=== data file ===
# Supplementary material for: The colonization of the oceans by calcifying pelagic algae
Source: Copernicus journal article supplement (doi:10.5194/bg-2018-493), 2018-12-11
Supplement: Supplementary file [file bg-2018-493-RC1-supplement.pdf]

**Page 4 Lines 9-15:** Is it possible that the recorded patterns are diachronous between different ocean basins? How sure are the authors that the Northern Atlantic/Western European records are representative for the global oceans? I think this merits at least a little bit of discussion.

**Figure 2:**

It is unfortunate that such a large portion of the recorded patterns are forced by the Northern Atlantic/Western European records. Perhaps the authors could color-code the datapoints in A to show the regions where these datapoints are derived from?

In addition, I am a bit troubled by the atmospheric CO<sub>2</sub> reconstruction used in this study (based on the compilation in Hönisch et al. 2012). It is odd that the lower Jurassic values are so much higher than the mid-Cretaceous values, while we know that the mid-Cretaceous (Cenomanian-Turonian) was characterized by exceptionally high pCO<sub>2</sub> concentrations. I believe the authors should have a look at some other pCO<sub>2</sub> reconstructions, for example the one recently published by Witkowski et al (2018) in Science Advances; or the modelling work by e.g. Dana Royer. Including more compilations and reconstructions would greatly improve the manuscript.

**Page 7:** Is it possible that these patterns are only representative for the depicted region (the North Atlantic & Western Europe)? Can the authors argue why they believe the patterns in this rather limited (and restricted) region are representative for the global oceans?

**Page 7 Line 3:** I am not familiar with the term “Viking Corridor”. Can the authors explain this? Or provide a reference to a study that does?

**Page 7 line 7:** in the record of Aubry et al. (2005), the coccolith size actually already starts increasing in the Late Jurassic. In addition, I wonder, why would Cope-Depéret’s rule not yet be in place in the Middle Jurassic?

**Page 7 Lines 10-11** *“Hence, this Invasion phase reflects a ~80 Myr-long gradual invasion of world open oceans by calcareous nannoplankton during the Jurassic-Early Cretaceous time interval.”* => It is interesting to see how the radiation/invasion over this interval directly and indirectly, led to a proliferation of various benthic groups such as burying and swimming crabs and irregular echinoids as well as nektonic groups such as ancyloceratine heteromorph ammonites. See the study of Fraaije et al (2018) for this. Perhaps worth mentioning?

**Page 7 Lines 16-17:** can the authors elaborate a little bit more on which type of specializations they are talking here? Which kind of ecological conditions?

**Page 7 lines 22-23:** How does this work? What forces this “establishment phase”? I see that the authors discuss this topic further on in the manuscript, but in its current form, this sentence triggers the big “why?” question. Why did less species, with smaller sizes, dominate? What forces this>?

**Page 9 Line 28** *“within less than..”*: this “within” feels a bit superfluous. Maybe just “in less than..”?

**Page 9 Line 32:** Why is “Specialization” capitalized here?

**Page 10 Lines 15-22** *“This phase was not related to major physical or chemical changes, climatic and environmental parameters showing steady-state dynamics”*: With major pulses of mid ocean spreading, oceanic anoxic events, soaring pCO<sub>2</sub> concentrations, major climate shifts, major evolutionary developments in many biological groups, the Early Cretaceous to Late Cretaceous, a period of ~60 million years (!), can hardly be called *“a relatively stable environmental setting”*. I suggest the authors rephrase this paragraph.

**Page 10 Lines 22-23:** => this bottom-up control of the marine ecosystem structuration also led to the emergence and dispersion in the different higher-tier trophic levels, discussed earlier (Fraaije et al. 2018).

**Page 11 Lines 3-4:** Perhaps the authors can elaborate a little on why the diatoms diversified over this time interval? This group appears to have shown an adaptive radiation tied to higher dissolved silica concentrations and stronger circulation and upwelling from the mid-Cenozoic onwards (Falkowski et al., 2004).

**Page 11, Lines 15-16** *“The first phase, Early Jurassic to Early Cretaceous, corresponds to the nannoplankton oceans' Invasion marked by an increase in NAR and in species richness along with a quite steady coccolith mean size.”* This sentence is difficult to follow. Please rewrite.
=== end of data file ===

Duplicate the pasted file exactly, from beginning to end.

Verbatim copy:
# Supplementary material for: The colonization of the oceans by calcifying pelagic algae
Source: Copernicus journal article supplement (doi:10.5194/bg-2018-493), 2018-12-11
Supplement: Supplementary file [file bg-2018-493-RC1-supplement.pdf]

**Page 4 Lines 9-15:** Is it possible that the recorded patterns are diachronous between different ocean basins? How sure are the authors that the Northern Atlantic/Western European records are representative for the global oceans? I think this merits at least a little bit of discussion.

**Figure 2:**

It is unfortunate that such a large portion of the recorded patterns are forced by the Northern Atlantic/Western European records. Perhaps the authors could color-code the datapoints in A to show the regions where these datapoints are derived from?

In addition, I am a bit troubled by the atmospheric CO<sub>2</sub> reconstruction used in this study (based on the compilation in Hönisch et al. 2012). It is odd that the lower Jurassic values are so much higher than the mid-Cretaceous values, while we know that the mid-Cretaceous (Cenomanian-Turonian) was characterized by exceptionally high pCO<sub>2</sub> concentrations. I believe the authors should have a look at some other pCO<sub>2</sub> reconstructions, for example the one recently published by Witkowski et al (2018) in Science Advances; or the modelling work by e.g. Dana Royer. Including more compilations and reconstructions would greatly improve the manuscript.

**Page 7:** Is it possible that these patterns are only representative for the depicted region (the North Atlantic & Western Europe)? Can the authors argue why they believe the patterns in this rather limited (and restricted) region are representative for the global oceans?

**Page 7 Line 3:** I am not familiar with the term “Viking Corridor”. Can the authors explain this? Or provide a reference to a study that does?

**Page 7 line 7:** in the record of Aubry et al. (2005), the coccolith size actually already starts increasing in the Late Jurassic. In addition, I wonder, why would Cope-Depéret’s rule not yet be in place in the Middle Jurassic?

**Page 7 Lines 10-11** *“Hence, this Invasion phase reflects a ~80 Myr-long gradual invasion of world open oceans by calcareous nannoplankton during the Jurassic-Early Cretaceous time interval.”* => It is interesting to see how the radiation/invasion over this interval directly and indirectly, led to a proliferation of various benthic groups such as burying and swimming crabs and irregular echinoids as well as nektonic groups such as ancyloceratine heteromorph ammonites. See the study of Fraaije et al (2018) for this. Perhaps worth mentioning?

**Page 7 Lines 16-17:** can the authors elaborate a little bit more on which type of specializations they are talking here? Which kind of ecological conditions?

**Page 7 lines 22-23:** How does this work? What forces this “establishment phase”? I see that the authors discuss this topic further on in the manuscript, but in its current form, this sentence triggers the big “why?” question. Why did less species, with smaller sizes, dominate? What forces this>?

**Page 9 Line 28** *“within less than..”*: this “within” feels a bit superfluous. Maybe just “in less than..”?

**Page 9 Line 32:** Why is “Specialization” capitalized here?

**Page 10 Lines 15-22** *“This phase was not related to major physical or chemical changes, climatic and environmental parameters showing steady-state dynamics”*: With major pulses of mid ocean spreading, oceanic anoxic events, soaring pCO<sub>2</sub> concentrations, major climate shifts, major evolutionary developments in many biological groups, the Early Cretaceous to Late Cretaceous, a period of ~60 million years (!), can hardly be called *“a relatively stable environmental setting”*. I suggest the authors rephrase this paragraph.

**Page 10 Lines 22-23:** => this bottom-up control of the marine ecosystem structuration also led to the emergence and dispersion in the different higher-tier trophic levels, discussed earlier (Fraaije et al. 2018).

**Page 11 Lines 3-4:** Perhaps the authors can elaborate a little on why the diatoms diversified over this time interval? This group appears to have shown an adaptive radiation tied to higher dissolved silica concentrations and stronger circulation and upwelling from the mid-Cenozoic onwards (Falkowski et al., 2004).

**Page 11, Lines 15-16** *“The first phase, Early Jurassic to Early Cretaceous, corresponds to the nannoplankton oceans' Invasion marked by an increase in NAR and in species richness along with a quite steady coccolith mean size.”* This sentence is difficult to follow. Please rewrite.